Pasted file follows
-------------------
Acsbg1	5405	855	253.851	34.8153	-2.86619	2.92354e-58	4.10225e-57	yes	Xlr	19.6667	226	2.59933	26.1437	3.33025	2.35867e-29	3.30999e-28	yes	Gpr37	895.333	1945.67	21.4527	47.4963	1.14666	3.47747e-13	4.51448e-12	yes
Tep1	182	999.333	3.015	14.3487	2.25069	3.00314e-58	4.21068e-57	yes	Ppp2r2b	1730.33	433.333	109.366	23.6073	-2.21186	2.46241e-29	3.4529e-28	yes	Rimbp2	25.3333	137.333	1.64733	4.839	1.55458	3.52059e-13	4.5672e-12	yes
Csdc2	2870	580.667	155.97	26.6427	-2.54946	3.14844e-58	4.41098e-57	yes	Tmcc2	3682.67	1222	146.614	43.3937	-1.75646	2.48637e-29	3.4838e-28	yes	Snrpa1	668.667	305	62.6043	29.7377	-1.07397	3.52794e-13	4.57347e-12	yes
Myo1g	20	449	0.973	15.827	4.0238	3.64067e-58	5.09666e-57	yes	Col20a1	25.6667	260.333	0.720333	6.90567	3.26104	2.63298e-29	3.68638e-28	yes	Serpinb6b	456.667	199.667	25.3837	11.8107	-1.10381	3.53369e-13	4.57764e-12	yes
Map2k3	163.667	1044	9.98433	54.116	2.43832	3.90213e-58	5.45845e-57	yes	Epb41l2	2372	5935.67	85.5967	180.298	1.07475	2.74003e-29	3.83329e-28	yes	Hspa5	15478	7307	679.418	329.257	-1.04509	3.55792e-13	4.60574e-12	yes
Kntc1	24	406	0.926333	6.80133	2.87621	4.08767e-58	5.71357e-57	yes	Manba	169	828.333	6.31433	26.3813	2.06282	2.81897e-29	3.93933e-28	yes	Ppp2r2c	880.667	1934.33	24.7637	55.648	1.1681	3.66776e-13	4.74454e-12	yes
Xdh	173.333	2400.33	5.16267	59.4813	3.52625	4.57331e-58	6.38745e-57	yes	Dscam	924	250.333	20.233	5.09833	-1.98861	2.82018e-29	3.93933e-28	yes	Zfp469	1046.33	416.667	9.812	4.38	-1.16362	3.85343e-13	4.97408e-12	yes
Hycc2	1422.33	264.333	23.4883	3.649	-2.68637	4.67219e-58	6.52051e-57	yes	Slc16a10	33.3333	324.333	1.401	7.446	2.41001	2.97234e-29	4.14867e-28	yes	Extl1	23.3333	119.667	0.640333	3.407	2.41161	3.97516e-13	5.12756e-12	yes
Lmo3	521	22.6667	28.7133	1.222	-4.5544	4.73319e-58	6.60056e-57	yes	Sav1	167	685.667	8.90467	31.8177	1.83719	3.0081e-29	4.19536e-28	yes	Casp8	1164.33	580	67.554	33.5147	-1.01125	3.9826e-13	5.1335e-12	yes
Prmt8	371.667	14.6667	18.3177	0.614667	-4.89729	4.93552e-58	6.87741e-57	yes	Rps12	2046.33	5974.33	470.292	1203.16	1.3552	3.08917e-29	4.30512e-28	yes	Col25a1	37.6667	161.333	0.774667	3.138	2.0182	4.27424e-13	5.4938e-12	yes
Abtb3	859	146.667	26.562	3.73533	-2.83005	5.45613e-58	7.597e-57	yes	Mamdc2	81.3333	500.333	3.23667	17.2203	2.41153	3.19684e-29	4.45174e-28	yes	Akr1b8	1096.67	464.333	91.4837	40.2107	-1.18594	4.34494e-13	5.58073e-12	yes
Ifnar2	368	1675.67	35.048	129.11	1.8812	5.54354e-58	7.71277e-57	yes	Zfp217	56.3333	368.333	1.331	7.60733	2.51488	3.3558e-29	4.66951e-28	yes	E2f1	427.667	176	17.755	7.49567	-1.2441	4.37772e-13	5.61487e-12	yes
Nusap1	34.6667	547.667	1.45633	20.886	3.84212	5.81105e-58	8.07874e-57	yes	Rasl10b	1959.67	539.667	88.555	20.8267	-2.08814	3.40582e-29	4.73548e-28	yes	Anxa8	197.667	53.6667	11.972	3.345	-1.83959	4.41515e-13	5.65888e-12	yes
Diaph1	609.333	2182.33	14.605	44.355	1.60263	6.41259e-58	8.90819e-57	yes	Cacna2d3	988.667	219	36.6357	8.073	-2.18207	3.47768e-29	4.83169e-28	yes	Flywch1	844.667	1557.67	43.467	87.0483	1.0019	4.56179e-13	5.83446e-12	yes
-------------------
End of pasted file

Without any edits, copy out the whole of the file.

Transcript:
Acsbg1	5405	855	253.851	34.8153	-2.86619	2.92354e-58	4.10225e-57	yes	Xlr	19.6667	226	2.59933	26.1437	3.33025	2.35867e-29	3.30999e-28	yes	Gpr37	895.333	1945.67	21.4527	47.4963	1.14666	3.47747e-13	4.51448e-12	yes
Tep1	182	999.333	3.015	14.3487	2.25069	3.00314e-58	4.21068e-57	yes	Ppp2r2b	1730.33	433.333	109.366	23.6073	-2.21186	2.46241e-29	3.4529e-28	yes	Rimbp2	25.3333	137.333	1.64733	4.839	1.55458	3.52059e-13	4.5672e-12	yes
Csdc2	2870	580.667	155.97	26.6427	-2.54946	3.14844e-58	4.41098e-57	yes	Tmcc2	3682.67	1222	146.614	43.3937	-1.75646	2.48637e-29	3.4838e-28	yes	Snrpa1	668.667	305	62.6043	29.7377	-1.07397	3.52794e-13	4.57347e-12	yes
Myo1g	20	449	0.973	15.827	4.0238	3.64067e-58	5.09666e-57	yes	Col20a1	25.6667	260.333	0.720333	6.90567	3.26104	2.63298e-29	3.68638e-28	yes	Serpinb6b	456.667	199.667	25.3837	11.8107	-1.10381	3.53369e-13	4.57764e-12	yes
Map2k3	163.667	1044	9.98433	54.116	2.43832	3.90213e-58	5.45845e-57	yes	Epb41l2	2372	5935.67	85.5967	180.298	1.07475	2.74003e-29	3.83329e-28	yes	Hspa5	15478	7307	679.418	329.257	-1.04509	3.55792e-13	4.60574e-12	yes
Kntc1	24	406	0.926333	6.80133	2.87621	4.08767e-58	5.71357e-57	yes	Manba	169	828.333	6.31433	26.3813	2.06282	2.81897e-29	3.93933e-28	yes	Ppp2r2c	880.667	1934.33	24.7637	55.648	1.1681	3.66776e-13	4.74454e-12	yes
Xdh	173.333	2400.33	5.16267	59.4813	3.52625	4.57331e-58	6.38745e-57	yes	Dscam	924	250.333	20.233	5.09833	-1.98861	2.82018e-29	3.93933e-28	yes	Zfp469	1046.33	416.667	9.812	4.38	-1.16362	3.85343e-13	4.97408e-12	yes
Hycc2	1422.33	264.333	23.4883	3.649	-2.68637	4.67219e-58	6.52051e-57	yes	Slc16a10	33.3333	324.333	1.401	7.446	2.41001	2.97234e-29	4.14867e-28	yes	Extl1	23.3333	119.667	0.640333	3.407	2.41161	3.97516e-13	5.12756e-12	yes
Lmo3	521	22.6667	28.7133	1.222	-4.5544	4.73319e-58	6.60056e-57	yes	Sav1	167	685.667	8.90467	31.8177	1.83719	3.0081e-29	4.19536e-28	yes	Casp8	1164.33	580	67.554	33.5147	-1.01125	3.9826e-13	5.1335e-12	yes
Prmt8	371.667	14.6667	18.3177	0.614667	-4.89729	4.93552e-58	6.87741e-57	yes	Rps12	2046.33	5974.33	470.292	1203.16	1.3552	3.08917e-29	4.30512e-28	yes	Col25a1	37.6667	161.333	0.774667	3.138	2.0182	4.27424e-13	5.4938e-12	yes
Abtb3	859	146.667	26.562	3.73533	-2.83005	5.45613e-58	7.597e-57	yes	Mamdc2	81.3333	500.333	3.23667	17.2203	2.41153	3.19684e-29	4.45174e-28	yes	Akr1b8	1096.67	464.333	91.4837	40.2107	-1.18594	4.34494e-13	5.58073e-12	yes
Ifnar2	368	1675.67	35.048	129.11	1.8812	5.54354e-58	7.71277e-57	yes	Zfp217	56.3333	368.333	1.331	7.60733	2.51488	3.3558e-29	4.66951e-28	yes	E2f1	427.667	176	17.755	7.49567	-1.2441	4.37772e-13	5.61487e-12	yes
Nusap1	34.6667	547.667	1.45633	20.886	3.84212	5.81105e-58	8.07874e-57	yes	Rasl10b	1959.67	539.667	88.555	20.8267	-2.08814	3.40582e-29	4.73548e-28	yes	Anxa8	197.667	53.6667	11.972	3.345	-1.83959	4.41515e-13	5.65888e-12	yes
Diaph1	609.333	2182.33	14.605	44.355	1.60263	6.41259e-58	8.90819e-57	yes	Cacna2d3	988.667	219	36.6357	8.073	-2.18207	3.47768e-29	4.83169e-28	yes	Flywch1	844.667	1557.67	43.467	87.0483	1.0019	4.56179e-13	5.83446e-12	yes